• Gilman Louie, Partner at Alsop Louie Venture Capital, former CEO of In-Q-Tel
  • Bill Kiczuk, Raytheon VP, CTO, and Senior Principal Engineering Fellow
  • Zach Lemnios, IBM VP for Research Strategy and Worldwide Operations
  • Pres Winter, Oracle VP, National Security Group

When I first proposed that we invite an array of “outside” future-makers to balance the government discussion with a different perspective, I said to my colleagues on the planning committee, “Wouldn’t it be awesome to get someone like Elon Musk…”

Well, we did, and next month I’ll be welcoming him on stage.

These are dark and challenging times in international security, but for scientists, technologists, and engineers, there’s never been a more exciting time – and like them, intelligence professionals should stretch their horizons.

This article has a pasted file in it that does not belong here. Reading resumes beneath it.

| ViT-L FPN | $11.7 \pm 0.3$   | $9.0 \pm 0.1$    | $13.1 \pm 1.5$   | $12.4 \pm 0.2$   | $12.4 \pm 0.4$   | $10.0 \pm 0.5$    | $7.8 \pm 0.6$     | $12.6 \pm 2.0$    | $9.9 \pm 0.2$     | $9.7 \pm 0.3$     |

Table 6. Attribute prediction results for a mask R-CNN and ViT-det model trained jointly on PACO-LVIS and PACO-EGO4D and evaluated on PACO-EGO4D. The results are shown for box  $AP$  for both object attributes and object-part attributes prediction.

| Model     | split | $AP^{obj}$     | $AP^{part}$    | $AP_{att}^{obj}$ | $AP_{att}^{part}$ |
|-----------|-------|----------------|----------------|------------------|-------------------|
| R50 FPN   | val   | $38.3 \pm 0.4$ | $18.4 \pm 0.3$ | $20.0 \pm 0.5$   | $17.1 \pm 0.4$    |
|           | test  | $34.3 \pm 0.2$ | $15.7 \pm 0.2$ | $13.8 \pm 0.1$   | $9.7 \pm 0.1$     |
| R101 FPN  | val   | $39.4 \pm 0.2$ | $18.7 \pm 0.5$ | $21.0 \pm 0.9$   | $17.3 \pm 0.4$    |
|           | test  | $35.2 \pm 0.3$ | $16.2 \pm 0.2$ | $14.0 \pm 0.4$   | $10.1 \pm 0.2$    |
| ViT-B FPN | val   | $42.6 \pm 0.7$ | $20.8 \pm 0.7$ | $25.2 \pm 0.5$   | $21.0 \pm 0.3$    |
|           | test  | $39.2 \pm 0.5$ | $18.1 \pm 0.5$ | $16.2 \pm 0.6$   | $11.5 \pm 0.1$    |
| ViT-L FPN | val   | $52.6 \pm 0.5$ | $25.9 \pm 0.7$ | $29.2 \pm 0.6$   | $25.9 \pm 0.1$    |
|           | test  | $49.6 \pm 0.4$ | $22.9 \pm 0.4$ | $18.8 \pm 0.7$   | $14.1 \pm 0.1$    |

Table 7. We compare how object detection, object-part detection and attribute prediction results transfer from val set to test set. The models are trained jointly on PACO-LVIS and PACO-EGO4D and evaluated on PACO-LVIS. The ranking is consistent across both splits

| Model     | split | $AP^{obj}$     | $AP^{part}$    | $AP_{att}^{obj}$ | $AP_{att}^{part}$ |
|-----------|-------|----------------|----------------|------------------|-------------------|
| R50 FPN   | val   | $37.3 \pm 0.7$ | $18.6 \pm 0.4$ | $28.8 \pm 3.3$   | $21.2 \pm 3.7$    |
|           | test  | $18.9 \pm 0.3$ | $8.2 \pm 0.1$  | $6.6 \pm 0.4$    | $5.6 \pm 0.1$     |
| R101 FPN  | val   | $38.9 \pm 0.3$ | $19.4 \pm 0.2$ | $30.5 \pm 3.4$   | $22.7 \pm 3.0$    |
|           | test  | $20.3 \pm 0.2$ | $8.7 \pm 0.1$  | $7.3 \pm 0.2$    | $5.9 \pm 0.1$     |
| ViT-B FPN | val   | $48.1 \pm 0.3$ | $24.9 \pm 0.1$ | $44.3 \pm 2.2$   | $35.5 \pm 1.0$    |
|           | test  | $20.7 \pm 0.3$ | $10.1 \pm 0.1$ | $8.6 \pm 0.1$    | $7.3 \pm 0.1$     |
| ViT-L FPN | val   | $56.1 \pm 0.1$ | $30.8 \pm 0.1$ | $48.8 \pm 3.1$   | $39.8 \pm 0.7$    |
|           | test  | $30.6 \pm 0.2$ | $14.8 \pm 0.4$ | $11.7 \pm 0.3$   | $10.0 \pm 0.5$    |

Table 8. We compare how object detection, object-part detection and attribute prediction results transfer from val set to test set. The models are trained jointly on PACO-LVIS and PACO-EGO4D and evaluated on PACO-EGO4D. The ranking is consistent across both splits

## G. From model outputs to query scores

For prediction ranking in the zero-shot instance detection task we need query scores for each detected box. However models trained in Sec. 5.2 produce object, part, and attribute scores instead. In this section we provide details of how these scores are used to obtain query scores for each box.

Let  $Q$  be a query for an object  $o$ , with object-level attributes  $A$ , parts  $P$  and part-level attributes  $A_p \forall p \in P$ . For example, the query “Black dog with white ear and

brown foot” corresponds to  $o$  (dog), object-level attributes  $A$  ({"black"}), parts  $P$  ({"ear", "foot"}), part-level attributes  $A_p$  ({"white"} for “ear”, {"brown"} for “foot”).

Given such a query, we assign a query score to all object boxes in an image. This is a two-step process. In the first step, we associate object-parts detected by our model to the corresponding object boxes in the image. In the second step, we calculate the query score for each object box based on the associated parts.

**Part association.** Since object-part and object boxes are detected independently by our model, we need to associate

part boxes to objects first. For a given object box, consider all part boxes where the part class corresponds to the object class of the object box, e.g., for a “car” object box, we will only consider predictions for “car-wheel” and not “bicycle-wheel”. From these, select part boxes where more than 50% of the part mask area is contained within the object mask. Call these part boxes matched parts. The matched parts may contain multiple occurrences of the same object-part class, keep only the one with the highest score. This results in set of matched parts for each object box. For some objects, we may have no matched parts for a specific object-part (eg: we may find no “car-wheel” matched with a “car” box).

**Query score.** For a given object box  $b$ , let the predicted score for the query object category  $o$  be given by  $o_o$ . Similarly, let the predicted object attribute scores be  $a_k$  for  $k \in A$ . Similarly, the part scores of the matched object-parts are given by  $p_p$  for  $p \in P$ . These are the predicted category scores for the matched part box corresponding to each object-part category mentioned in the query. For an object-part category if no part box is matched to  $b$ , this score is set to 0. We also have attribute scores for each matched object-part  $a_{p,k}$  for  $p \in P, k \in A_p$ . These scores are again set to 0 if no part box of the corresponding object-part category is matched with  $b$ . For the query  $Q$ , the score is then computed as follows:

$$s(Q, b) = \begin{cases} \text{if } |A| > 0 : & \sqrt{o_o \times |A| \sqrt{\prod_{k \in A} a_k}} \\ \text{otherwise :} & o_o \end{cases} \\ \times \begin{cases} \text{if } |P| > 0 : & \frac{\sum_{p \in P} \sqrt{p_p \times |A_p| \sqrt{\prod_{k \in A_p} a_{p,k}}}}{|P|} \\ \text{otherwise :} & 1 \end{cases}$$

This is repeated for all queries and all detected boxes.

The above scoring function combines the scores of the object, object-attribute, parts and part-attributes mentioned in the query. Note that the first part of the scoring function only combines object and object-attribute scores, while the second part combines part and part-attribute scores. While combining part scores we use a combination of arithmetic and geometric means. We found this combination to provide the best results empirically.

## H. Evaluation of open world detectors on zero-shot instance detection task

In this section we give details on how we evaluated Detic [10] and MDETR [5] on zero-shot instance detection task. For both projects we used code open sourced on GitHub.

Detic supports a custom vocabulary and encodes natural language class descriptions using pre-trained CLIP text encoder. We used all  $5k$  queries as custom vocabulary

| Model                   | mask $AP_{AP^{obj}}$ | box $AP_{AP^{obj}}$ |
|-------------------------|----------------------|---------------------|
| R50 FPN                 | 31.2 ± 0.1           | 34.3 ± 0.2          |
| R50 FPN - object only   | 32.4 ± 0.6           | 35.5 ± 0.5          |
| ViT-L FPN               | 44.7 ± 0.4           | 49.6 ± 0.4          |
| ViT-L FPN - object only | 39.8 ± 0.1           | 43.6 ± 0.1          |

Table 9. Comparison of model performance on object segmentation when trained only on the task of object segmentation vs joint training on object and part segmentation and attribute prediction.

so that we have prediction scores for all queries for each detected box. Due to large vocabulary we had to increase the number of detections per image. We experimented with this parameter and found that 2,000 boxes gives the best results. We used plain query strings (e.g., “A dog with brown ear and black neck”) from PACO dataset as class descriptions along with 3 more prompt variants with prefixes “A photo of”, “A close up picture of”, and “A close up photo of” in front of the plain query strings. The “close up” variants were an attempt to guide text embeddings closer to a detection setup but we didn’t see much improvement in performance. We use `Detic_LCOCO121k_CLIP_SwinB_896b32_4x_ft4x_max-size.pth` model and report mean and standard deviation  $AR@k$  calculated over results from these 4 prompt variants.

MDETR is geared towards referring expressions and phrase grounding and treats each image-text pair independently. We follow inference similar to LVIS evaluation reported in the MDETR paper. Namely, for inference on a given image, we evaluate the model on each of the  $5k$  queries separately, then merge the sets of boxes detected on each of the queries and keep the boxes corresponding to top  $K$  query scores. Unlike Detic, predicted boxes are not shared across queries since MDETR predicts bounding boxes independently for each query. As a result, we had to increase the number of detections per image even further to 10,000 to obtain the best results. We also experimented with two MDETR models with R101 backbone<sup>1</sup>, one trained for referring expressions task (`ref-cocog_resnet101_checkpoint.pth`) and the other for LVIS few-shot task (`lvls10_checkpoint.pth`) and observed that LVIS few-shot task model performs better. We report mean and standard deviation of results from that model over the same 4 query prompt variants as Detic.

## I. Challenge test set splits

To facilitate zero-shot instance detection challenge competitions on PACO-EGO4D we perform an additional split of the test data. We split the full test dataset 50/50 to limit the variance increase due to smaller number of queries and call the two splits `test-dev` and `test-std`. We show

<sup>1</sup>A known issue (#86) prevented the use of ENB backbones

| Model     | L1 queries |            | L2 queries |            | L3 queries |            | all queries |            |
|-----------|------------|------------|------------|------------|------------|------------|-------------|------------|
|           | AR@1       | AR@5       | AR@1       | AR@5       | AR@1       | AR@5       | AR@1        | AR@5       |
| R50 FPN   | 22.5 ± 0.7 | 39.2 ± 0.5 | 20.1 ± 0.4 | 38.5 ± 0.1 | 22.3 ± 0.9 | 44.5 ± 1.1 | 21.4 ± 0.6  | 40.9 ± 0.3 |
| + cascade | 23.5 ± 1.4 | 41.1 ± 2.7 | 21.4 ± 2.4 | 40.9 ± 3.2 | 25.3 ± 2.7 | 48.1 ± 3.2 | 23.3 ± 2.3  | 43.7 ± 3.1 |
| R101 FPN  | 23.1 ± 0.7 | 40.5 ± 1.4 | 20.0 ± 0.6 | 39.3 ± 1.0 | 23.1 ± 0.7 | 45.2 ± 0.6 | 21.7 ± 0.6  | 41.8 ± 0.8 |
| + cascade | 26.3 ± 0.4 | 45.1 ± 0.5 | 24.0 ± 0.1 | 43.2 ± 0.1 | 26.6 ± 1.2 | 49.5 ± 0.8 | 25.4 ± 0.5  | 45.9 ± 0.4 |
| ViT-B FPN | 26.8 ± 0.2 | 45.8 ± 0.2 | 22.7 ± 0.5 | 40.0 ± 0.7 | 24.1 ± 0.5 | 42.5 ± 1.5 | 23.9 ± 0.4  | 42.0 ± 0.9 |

I’m looking forward to the conference… and here’s your link to register to join us.

PS: Just to whet your appetite: new video of this week’s SpaceX revolutionary Falcon9 first-stage landing attempt on a drone barge at sea – nearly made it, very exciting:

MSR gets wired, WIRED gets MSR

MS Research in natural-user-interaction technologies
MSR natural-user-interaction immersive technologies

WIRED Magazine’s online site ran a great long profile of Microsoft Research late yesterday, with interviews and project features: “How Microsoft Researchers Might Invent a Holodeck.”

I have written about or mentioned all of the individual projects or technologies on my blog before, but the writing at WIRED is so much better than my own – and the photographs so cool – that I thought I should post a link to the story. Continue reading